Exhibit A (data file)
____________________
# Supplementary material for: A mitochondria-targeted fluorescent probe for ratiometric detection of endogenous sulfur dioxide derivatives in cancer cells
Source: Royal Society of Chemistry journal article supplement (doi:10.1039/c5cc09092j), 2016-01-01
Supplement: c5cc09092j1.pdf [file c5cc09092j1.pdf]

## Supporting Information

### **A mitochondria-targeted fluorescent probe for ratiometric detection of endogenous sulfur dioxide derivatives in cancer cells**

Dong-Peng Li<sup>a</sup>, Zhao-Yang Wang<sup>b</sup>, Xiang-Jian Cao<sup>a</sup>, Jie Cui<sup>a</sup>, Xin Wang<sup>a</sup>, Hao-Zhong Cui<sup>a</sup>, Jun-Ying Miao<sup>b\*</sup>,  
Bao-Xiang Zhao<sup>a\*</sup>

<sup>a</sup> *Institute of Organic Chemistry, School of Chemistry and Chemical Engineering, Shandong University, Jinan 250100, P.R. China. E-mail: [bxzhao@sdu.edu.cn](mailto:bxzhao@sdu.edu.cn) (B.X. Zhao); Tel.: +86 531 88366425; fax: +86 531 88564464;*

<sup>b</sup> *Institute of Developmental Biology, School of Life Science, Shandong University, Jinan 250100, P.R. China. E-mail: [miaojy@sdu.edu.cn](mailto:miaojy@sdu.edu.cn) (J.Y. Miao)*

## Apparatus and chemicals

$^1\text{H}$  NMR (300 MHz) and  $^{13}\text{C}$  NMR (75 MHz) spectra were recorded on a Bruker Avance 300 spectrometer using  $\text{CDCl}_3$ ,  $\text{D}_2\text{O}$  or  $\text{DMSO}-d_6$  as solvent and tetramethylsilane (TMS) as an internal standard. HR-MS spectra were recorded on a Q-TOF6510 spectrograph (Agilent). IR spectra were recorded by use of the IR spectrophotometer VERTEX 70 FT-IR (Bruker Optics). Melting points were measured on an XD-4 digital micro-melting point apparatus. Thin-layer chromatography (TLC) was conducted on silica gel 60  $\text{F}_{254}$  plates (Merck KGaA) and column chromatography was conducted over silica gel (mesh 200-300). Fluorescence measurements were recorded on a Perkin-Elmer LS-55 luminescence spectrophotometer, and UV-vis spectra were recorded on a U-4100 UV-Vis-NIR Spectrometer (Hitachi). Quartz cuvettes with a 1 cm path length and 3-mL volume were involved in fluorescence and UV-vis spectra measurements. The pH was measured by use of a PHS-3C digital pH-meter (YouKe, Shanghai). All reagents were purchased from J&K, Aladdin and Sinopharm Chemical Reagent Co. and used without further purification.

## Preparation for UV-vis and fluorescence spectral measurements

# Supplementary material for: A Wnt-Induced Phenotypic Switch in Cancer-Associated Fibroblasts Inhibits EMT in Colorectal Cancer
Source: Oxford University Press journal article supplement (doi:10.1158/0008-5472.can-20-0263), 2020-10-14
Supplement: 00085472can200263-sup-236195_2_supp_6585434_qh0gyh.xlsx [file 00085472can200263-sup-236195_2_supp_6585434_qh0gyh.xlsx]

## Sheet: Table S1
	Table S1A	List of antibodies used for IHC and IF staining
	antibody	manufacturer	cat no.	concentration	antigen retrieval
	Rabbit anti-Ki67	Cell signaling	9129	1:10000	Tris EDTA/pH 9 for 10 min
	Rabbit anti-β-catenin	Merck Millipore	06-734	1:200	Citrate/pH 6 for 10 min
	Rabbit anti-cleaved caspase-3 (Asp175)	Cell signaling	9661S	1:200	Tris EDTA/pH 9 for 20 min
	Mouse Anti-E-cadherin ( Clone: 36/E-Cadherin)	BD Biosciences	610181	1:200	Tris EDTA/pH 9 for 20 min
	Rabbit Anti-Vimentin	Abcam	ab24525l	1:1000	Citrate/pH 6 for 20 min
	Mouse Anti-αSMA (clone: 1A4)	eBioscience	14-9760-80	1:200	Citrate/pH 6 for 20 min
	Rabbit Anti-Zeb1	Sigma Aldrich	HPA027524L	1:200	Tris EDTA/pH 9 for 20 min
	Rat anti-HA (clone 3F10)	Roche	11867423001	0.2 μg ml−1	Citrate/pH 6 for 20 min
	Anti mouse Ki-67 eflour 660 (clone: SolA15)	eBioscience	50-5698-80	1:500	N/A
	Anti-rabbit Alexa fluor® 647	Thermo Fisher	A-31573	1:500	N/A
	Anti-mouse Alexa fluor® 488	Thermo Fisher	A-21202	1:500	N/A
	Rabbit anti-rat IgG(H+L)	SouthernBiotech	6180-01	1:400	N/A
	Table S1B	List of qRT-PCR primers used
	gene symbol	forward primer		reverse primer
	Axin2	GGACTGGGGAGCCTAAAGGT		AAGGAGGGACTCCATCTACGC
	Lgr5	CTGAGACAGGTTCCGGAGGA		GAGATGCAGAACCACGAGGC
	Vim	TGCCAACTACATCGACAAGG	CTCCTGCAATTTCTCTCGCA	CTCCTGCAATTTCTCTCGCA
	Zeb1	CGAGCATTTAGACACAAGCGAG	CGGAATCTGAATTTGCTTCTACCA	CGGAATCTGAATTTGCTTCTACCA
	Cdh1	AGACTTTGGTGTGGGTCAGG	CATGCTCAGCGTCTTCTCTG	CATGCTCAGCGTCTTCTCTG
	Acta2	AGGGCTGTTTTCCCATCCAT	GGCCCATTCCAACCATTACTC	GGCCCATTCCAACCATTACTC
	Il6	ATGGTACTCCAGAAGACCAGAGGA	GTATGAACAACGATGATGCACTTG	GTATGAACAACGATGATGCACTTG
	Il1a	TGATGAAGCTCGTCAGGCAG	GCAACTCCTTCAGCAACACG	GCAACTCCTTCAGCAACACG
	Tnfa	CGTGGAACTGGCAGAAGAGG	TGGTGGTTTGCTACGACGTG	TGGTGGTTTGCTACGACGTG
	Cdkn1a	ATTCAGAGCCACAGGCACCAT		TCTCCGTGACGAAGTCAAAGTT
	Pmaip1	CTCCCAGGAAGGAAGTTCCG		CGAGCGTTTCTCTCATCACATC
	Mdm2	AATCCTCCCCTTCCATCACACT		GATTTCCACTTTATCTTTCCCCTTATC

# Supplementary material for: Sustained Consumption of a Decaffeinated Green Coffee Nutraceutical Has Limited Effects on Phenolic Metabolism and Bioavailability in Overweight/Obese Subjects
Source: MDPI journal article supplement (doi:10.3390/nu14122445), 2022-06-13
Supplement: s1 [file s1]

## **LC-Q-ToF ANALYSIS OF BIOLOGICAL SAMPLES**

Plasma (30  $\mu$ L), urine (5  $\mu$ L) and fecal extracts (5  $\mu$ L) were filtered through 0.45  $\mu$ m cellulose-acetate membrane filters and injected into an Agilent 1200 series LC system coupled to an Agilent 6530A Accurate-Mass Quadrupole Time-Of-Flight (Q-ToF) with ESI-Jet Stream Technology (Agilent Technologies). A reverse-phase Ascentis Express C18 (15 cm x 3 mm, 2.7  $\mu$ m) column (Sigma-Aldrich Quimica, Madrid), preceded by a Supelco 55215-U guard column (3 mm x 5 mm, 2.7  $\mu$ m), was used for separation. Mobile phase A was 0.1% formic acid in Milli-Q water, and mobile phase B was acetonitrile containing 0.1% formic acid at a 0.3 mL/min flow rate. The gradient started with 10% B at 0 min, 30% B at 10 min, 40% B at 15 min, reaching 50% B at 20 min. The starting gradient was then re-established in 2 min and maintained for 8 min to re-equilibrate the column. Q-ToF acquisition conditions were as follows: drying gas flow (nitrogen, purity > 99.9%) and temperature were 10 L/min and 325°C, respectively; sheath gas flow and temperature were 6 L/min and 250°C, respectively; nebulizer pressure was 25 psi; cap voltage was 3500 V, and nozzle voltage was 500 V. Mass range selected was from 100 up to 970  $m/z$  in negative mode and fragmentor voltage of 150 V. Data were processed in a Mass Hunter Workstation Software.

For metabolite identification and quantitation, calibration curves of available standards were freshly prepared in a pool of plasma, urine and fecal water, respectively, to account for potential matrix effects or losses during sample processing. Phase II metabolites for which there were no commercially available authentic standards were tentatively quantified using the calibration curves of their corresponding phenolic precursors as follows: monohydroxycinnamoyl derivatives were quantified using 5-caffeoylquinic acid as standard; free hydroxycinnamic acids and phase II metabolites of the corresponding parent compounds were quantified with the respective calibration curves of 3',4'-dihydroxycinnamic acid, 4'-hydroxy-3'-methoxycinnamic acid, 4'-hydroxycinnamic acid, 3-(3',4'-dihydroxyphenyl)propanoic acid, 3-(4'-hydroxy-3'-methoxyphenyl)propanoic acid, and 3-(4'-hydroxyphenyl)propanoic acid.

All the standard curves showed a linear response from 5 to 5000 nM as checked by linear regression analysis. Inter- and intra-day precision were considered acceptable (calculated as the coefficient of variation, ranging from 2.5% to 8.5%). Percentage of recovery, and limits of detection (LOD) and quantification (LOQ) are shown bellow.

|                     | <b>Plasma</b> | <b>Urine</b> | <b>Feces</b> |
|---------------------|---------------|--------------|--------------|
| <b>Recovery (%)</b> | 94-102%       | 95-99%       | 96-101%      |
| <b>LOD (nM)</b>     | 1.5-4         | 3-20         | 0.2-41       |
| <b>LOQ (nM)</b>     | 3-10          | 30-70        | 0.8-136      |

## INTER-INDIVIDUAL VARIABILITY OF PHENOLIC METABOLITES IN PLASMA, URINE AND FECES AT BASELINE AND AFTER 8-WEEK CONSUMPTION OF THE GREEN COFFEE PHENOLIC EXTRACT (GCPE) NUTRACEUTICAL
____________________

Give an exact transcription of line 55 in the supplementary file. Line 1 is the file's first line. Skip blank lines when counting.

| <b>LOD (nM)</b>     | 1.5-4         | 3-20         | 0.2-41       |